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Preparing for a disciplinary or dismissal meeting

This advice applies to England

If you have been asked to go to a disciplinary or dismissal meeting, there are a few things you should do beforehand to make sure you are as well prepared for it as you can be.

This page helps you prepare for a disciplinary or dismissal meeting.

Has your employer followed a disciplinary procedure?

If your employer has a disciplinary procedure, check that they are following it. If they do not, check that they are following the Acas Code of Practice.

Make sure the procedure is being followed. If it isn't, you should point this out to your employer. It could mean that any decision they make is unfair.

Do you know why your employer has asked you to a disciplinary meeting?

The main reasons for asking you to go to a disciplinary meeting are because:

  • of your conduct. This means something you've done or not done
  • of your capability. This means your employer thinks you are not doing your job well enough, or
  • you have been on long-term sick leave.

Conduct

If the issue is to do with your conduct:

  • do you know what they are claiming you have done or not done?
  • have you seen all the evidence, including witness statements, your employer has to back up their case?

If you do not know or do not have all this information, ask for it and for the meeting to be postponed until you have it and have had time to consider it.

Capability

If the issue is to do with your capability:

  • do you know why your employer is saying you are not capable of doing the job?
  • have you seen all the evidence they have to back up their case?
  • have you received proper training or support to do your job?

If you do not know or do not have all this information, ask for it and for the meeting to be postponed until you have it and have had time to consider it.

Long-term sickness

If the issue is to do with you being off on long-term sickness:

  • have you seen the evidence your employer has to say that you can't return to your job or will not be able to return for some time?
  • what evidence have you got on how long it may be before you can return to work?
  • would you be able to go back to work, or go back sooner if your employer made certain adjustments to your job?
  • does your employer have alternative work which you could do?
  • is your condition more than minor or trivial?

How long has your condition lasted?

If your condition lasted, or is it likely to last, at least a year, you should get advice about whether you are disabled under the Equality Act 2010. If you are, your employer may have to make reasonable adjustments to help you do your job.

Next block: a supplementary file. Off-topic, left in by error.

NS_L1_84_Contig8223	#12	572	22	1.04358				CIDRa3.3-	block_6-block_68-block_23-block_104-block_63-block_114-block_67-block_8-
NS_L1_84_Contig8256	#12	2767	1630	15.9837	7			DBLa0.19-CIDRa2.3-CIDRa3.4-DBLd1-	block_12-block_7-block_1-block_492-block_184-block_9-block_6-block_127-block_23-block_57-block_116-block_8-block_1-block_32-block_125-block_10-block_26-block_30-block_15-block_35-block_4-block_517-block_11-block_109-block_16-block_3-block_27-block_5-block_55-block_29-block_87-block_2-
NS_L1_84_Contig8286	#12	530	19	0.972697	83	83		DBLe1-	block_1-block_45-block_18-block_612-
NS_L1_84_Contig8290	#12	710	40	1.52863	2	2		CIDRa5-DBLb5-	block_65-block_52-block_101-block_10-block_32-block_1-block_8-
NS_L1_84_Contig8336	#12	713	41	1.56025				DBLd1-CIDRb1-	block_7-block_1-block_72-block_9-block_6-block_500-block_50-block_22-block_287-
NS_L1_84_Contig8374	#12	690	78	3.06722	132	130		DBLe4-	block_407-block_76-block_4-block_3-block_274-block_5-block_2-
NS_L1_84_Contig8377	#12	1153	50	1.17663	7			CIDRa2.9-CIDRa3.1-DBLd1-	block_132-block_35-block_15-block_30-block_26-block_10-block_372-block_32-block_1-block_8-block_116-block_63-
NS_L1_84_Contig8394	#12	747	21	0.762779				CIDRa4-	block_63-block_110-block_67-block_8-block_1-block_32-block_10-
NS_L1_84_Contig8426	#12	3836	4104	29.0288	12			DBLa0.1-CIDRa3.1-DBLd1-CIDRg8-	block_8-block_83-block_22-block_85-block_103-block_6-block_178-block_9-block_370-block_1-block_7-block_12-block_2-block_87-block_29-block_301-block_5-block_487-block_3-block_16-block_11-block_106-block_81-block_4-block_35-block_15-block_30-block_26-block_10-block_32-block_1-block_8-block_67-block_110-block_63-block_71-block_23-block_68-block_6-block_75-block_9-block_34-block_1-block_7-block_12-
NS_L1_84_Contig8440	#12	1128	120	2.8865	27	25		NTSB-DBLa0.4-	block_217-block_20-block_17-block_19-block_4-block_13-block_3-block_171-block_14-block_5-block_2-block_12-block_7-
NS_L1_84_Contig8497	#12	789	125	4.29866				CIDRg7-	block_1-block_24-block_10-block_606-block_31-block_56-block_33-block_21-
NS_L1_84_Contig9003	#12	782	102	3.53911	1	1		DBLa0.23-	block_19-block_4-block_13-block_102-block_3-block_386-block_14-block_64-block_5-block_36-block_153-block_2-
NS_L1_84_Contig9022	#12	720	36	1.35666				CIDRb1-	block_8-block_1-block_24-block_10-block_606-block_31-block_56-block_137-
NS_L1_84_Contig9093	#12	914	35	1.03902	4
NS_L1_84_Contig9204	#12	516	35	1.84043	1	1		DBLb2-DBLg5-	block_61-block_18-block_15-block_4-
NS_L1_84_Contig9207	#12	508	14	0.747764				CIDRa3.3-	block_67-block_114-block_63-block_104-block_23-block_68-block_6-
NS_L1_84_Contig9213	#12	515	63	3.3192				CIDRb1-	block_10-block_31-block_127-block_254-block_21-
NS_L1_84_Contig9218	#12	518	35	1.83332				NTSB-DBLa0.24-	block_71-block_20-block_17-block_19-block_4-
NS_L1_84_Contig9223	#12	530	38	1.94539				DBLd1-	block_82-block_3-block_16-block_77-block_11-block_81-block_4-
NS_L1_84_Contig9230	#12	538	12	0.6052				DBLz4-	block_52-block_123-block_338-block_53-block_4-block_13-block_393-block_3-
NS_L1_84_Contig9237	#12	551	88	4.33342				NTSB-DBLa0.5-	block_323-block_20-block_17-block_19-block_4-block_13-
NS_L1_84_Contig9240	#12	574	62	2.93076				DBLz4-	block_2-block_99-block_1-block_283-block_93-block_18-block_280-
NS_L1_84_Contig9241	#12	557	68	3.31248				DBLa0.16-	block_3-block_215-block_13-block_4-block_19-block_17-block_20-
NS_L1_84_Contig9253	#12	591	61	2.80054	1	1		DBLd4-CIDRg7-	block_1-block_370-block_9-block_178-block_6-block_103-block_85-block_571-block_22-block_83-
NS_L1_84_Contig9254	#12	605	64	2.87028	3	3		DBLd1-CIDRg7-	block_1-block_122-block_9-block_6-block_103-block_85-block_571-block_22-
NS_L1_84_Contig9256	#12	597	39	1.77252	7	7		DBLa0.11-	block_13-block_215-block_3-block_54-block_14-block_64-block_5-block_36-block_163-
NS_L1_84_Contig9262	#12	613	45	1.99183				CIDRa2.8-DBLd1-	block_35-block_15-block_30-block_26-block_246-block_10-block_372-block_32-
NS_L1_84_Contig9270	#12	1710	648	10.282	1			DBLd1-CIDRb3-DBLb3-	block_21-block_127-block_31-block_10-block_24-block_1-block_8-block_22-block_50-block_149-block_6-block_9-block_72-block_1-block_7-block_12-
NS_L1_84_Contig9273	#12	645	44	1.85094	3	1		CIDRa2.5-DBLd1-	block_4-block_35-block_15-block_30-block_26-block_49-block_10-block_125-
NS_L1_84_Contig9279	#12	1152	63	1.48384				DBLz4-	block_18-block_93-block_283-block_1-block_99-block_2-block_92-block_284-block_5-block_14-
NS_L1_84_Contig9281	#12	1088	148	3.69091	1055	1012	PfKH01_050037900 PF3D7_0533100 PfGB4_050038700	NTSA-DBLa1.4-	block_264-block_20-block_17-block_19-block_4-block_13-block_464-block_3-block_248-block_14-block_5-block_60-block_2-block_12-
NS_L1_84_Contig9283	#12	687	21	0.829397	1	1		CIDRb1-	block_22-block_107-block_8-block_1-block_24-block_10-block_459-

Have you had enough time to consider your employer's evidence and prepare your case?

If you have not had enough time to consider your employer's evidence and prepare your case, you should ask for more time. This should be a reasonable length of time. The meeting should be postponed until then.

Do you want someone to come with you to the meeting?

You should think about whether you want someone to come with you to the meeting. Your employer must let you be accompanied by a colleague or a trade union rep. They do not have to agree to anyone else coming with you.

However, if you cannot find a colleague or do not have a trade union rep, you could ask your employer to let someone else come with you, for example, a relative or friend. Your employer does not have to agree, but it may make it easier for both of you, particularly, if, for example, you will have difficulty understanding what is going on without someone to help you.

Once you have found someone to come with you, make sure they know your version of events and what you want them to do for you at the meeting.

Have you prepared a note or statement of what you are going to say?

To help you make sure that you raise all the issues you want to, it is a good idea to prepare a note or statement of what you are going to say. You can tick off each point as you make it, to make sure you have covered everything.

Do you have evidence to support your case?

When you have considered all the issues above, think about what evidence you have to support your case. This could be documents such as letters from your GP, emails asking for training, examples of how your employer has dealt with similar problems in the past.

Are there any people you would like to give evidence for you?

If anyone could support your case, you should ask them if they would be willing to give evidence for you. If they are happy to give evidence, it's a good idea if they can prepare a statement or a note of what they will say so that they don't forget anything. You cannot force anyone to give evidence if they don't want to. Your employer is not allowed to victimise them if they do.

Next steps

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